Waiting to divorce

Alternatives for parties seeking a divorce currently have two further options to base a petition upon. Firstly, on the basis they have been separated for at least two years (ignoring any periods of cohabitation of up to six months), and the Respondent takes steps to confirm to the court they consent to the divorce.

Secondly, an Applicant could find themselves in the position of having to wait five years in the event a Respondent is not willing to agree to a divorce based on two years separation, nor are they able to rely on the fact of adultery or unreasonable behaviour.

Practically speaking, a delay of five years preventing one party from moving on from a marriage that has sadly come to an end, is not appropriate in modern society.

On the other hand, waiting for a no-fault divorce will be attractive for separating couples who feel it’s important for their reasons for divorce to be accurately recorded and known. This new divorce law affords couples who are seeking that closure.

How will a no-fault divorce work?

The proposed changes to the law are a significant step away from fault-based petitions. From 6th April 2022, parties will be able to apply for a divorce either on a sole or joint basis and will not be required to base an application for divorce on any ‘fact’, as described above.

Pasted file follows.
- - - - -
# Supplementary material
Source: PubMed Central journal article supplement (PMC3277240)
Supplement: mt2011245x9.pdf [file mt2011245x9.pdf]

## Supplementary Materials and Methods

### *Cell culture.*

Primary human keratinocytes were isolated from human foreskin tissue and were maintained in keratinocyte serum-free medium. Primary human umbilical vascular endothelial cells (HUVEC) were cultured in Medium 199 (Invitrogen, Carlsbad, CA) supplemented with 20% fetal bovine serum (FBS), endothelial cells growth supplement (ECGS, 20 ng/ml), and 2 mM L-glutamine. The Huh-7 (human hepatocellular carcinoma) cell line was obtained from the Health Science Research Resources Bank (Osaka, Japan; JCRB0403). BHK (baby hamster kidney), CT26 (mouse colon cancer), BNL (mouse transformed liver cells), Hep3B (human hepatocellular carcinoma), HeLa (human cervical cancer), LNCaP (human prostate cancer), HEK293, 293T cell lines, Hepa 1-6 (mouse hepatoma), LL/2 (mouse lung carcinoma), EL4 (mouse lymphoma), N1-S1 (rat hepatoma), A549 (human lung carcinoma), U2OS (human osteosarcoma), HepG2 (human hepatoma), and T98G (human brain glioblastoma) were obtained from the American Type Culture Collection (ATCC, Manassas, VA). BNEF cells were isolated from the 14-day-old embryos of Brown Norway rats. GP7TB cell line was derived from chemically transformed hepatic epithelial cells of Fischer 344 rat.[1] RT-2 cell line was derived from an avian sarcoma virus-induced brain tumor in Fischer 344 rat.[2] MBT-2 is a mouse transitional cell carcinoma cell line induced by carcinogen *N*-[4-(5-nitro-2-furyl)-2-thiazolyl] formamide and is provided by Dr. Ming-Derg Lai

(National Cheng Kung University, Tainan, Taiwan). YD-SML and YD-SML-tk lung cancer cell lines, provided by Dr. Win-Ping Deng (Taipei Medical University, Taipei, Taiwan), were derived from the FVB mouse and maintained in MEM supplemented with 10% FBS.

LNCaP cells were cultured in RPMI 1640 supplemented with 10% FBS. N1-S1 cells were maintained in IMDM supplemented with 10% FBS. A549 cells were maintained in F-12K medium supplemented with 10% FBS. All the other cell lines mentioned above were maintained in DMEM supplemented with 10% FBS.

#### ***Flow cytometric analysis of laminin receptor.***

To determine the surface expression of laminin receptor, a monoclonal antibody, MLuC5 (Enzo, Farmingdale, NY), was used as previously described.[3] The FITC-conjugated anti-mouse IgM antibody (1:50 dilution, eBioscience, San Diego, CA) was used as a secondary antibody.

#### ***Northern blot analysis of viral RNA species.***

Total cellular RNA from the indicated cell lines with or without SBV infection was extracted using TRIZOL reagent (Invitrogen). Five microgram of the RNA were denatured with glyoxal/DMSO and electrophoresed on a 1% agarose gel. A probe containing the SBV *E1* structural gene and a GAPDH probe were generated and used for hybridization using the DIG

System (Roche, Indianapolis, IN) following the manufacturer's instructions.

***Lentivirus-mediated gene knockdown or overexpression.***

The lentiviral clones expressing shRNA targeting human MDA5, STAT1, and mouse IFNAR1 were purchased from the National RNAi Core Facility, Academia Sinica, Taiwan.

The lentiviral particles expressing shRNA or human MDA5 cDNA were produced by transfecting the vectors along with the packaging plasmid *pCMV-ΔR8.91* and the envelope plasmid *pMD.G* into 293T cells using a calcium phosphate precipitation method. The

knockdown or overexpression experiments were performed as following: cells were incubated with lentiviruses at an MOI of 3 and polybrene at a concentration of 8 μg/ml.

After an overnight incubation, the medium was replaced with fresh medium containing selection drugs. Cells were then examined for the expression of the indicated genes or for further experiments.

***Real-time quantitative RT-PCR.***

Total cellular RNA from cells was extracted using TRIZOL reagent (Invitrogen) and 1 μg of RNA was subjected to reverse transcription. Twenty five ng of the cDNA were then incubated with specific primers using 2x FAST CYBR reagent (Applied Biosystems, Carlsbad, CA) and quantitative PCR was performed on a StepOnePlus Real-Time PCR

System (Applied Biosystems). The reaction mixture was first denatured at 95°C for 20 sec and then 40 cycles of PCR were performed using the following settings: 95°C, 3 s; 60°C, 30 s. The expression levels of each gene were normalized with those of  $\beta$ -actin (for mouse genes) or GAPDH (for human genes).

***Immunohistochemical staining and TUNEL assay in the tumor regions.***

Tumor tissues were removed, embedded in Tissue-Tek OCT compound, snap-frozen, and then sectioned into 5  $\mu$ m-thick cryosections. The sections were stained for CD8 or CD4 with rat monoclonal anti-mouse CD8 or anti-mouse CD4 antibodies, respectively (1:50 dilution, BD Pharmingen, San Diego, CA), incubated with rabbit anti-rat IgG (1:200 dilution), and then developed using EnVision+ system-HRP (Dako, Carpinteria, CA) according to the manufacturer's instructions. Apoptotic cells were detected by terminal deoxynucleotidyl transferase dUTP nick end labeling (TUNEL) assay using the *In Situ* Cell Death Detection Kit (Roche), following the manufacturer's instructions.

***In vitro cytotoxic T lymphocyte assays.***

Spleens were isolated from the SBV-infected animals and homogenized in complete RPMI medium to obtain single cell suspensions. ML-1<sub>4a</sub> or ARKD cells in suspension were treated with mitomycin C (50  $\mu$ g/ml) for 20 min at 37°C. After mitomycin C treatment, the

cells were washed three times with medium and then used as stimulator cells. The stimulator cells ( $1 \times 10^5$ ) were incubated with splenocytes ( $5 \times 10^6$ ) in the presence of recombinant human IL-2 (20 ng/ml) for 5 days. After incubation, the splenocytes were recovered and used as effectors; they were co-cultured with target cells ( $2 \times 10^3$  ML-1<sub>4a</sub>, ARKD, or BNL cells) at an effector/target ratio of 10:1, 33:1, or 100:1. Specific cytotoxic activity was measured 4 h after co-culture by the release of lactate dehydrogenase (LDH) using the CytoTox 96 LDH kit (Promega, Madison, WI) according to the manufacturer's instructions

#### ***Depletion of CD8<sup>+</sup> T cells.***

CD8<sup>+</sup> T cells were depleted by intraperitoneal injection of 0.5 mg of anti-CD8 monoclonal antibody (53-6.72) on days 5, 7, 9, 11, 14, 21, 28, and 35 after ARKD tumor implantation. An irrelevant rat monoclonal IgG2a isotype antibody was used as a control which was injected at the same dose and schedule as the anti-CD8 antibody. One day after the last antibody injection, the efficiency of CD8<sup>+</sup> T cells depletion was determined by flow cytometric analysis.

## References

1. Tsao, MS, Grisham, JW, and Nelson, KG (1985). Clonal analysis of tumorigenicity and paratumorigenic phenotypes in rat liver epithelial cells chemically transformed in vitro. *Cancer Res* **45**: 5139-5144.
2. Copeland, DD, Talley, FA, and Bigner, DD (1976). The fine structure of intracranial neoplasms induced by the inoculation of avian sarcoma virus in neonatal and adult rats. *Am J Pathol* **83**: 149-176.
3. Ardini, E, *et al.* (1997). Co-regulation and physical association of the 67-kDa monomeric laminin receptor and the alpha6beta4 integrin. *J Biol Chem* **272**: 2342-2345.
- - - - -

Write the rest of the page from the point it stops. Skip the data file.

Divorcing couples will only be required to confirm that the marriage has broken down irretrievably.

When an application for divorce has started, the court will impose a 20-week wait to allow parties to reflect and consider if they want to progress with the divorce. In the event that they do, they will be required to submit a statement to confirm this.

Change in divorce language

Further changes are due in respect of divorce language; a Decree Nisi will be known as a Conditional Order and a Decree Absolute will be known as a Final Order. These changes are being made to bring the law up-to-date and ensure the terminology used is understandable by all.

Currently, work is being undertaken behind the scenes to update all relevant court documents, procedures, practice directions, and amending the online divorce portal to allow parties to apply for a no-fault divorce from 6th April 2022.

Contact our divorce solicitors in Bristol

If you and your partner are considering divorce, our expert family law solicitors can provide practical advice, tailored to your needs. Our family lawyers advise separating couples on every aspect of divorce, from applying for or responding to divorce proceedings to making financial or childcare arrangements.

Our divorce solicitors support clients across the UK from our six offices in Bristol and South Gloucestershire. Call us on 0117 325 2929 or fill out our online enquiry form. Alternatively, get started now by using our simple online tool.